USS Edward C. Daly (DE-17)
26 February 1945: Bow on view of Edward C. Daly off Mare Island. She was in overhaul at Mare Island from 19 January until 3 March 1945.
|Name:||USS Edward C. Daly (DE-17)|
|Laid down:||1 April 1942|
|Launched:||21 October 1942 as HMS Byard (BDE-17)|
|Commissioned:||3 April 1943 as USS Edward C. Daly (DE-17)|
|Decommissioned:||20 December 1945|
|Struck:||8 January 1946|
|Fate:||Sold for scrap on 18 March 1947|
|Class and type:||Evarts class destroyer escort|
|Displacement:||1,140 (standard), 1,430 tons (full)|
|Length:||283 ft 6 in (86.41 m) (waterline), 289 ft 5 in (88.21 m) (overall))|
|Beam:||35 ft 2 in (10.72 m)|
|Draft:||11 ft 0 in (3.35 m) (max)|
|Speed:||21 kn (39 km/h)|
|Complement:||15 officers, 183 enlisted|
|Armament:||3 × 3 in/50 cal Mk 22 dual purpose guns (1×3), 4 × 1.1 in/75 cal Mk 2 AA guns (1×4), 9 × Oerlikon 20 mm Mk 4 AA cannons, 1 × Hedgehog Projector Mk 10 (144 rounds), 8 × Mk 6 depth charge projectors, 2 × Mk 9 depth charge tracks|
USS Edward C. Daly (DE-17) was an Evarts-class "short-hull" destroyer escort in the service of the United States Navy, named after coxswain Edward C. Daly, killed on 7 December 1941 while serving on USS Downes.
Edward C. Daly was launched on 21 October 1942 by Mare Island Navy Yard, Solano County, California as HMS Byard (BDE-17); sponsored for British Lend-Lease by the wife of Lieutenant John H. McQuilkin, but retained by the USN and assigned the name Edward C. Daly on 19 February 1943; and commissioned on 3 April 1943, Commander G. A. Parkinson in command.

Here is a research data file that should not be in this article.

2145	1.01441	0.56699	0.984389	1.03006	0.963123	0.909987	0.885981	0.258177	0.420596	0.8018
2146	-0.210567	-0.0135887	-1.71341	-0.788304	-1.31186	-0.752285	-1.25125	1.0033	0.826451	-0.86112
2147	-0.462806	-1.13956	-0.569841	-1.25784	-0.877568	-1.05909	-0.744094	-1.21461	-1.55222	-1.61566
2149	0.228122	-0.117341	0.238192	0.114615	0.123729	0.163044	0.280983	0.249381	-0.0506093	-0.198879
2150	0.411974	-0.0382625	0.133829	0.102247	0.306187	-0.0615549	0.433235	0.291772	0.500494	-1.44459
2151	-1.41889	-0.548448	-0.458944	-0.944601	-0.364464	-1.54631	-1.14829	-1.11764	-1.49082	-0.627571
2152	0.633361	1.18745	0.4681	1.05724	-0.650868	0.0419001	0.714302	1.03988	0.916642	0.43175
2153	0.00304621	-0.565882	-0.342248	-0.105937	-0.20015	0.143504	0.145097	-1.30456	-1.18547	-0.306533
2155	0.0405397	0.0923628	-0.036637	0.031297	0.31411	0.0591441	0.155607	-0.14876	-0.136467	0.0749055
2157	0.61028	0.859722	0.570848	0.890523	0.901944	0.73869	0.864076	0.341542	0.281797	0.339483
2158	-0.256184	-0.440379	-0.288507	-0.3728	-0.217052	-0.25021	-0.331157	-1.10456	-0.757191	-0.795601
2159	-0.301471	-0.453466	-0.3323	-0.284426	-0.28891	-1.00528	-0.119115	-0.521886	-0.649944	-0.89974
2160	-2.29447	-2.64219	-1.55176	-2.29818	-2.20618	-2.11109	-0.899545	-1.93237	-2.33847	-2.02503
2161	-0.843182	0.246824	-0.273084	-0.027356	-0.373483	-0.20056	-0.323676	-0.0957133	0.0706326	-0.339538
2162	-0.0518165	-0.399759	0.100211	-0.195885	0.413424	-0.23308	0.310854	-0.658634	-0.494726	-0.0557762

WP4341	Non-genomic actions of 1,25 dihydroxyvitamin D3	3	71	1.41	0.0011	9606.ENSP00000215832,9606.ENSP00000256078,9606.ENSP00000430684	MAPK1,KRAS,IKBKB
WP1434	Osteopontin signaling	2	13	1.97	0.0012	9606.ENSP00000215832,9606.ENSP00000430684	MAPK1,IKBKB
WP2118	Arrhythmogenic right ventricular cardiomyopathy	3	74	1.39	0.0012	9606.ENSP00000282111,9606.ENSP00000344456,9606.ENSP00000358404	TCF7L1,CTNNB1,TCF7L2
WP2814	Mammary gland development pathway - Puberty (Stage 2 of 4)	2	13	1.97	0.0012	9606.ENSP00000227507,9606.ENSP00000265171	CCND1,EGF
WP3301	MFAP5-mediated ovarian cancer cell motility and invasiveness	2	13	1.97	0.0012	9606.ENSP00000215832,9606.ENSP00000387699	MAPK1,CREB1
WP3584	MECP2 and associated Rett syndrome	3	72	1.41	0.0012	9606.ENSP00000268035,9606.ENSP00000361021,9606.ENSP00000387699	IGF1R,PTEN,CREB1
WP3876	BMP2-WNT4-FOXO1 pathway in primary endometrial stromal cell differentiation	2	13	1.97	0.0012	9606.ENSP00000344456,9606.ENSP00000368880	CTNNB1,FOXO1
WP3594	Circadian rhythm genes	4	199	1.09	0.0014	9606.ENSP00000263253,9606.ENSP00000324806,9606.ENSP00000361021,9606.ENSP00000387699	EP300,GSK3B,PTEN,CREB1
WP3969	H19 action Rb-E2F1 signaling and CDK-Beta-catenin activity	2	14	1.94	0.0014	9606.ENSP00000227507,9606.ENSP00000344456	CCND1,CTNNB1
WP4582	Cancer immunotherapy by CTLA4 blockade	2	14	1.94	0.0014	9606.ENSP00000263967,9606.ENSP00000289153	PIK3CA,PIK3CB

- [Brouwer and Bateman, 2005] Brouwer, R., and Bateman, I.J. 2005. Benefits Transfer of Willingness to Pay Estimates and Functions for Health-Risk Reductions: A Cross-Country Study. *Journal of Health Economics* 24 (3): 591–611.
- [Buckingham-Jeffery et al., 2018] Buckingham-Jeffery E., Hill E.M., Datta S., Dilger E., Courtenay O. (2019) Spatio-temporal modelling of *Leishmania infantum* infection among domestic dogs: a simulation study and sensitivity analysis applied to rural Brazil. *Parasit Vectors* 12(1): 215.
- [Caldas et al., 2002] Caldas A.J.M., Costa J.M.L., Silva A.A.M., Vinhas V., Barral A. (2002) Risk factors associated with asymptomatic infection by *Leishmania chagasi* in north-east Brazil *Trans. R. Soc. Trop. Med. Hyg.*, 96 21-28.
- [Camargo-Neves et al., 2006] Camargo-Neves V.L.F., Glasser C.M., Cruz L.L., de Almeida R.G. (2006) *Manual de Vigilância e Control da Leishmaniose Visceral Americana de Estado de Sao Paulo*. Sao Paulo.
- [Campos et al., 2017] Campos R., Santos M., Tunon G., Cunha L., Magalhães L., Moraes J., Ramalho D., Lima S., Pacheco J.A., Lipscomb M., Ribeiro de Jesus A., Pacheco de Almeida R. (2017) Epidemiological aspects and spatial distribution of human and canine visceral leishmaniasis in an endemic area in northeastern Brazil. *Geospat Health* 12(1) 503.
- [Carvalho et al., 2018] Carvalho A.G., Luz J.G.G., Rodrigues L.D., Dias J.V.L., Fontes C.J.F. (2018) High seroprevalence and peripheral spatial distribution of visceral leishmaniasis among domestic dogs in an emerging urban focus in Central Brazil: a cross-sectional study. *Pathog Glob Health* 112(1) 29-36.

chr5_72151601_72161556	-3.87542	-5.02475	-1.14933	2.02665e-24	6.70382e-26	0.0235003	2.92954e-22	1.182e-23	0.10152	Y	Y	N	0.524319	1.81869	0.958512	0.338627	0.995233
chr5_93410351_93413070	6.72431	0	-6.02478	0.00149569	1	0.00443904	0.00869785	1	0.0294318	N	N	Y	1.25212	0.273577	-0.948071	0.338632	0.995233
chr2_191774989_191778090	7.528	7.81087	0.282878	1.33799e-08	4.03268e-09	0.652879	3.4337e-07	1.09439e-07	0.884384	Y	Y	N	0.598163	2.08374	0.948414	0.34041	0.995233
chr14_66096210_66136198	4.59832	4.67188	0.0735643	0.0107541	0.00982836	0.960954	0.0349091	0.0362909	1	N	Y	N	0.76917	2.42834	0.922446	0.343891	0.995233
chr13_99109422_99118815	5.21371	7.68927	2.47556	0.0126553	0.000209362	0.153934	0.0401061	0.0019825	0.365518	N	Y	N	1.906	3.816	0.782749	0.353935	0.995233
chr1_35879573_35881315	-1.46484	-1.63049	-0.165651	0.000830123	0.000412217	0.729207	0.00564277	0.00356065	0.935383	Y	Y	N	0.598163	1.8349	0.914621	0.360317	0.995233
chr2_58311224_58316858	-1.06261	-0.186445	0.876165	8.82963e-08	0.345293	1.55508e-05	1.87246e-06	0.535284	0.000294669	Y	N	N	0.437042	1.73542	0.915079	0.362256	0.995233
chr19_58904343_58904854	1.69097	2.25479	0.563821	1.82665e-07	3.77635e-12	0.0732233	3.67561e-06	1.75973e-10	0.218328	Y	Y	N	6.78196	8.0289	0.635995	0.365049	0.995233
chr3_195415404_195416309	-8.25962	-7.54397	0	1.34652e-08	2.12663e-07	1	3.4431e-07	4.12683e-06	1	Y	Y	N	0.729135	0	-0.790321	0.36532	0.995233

World War II
Edward C. Daly sailed from San Diego, California on 22 May 1943 and arrived at Pearl Harbor on 28 May. As the first escort vessel to visit this base, she aroused much interest and was visited by Admirals Chester W. Nimitz and Raymond A. Spruance. She escorted convoys between Pearl Harbor and the west coast. In August, she went to Funafuti to occupy other parts of the Ellice Islands and succeeded against slight opposition.
While fueling at Samoa early in October, she rescued the crew of a downed patrol bomber in heavy seas, destroyed the plane, and buried the pilot at sea.
Edward C. Daly returned to San Francisco for repairs and got underway for Alaskan waters on 27 November. Here she was assigned to the demanding, essential duty as guard and weather ship for planes flying the great circle route from Attu to Paramushiro.
She returned to San Francisco on 19 January 1945 for overhaul, then headed for Saipan, escorting Ranee as far as Guam. She was active in air-sea rescue between Iwo Jima and Saipan, continuing this patrol after the war for planes supporting the occupation of Japan.
|American Campaign Medal|
|Asiatic-Pacific Campaign Medal|
|World War II Victory Medal|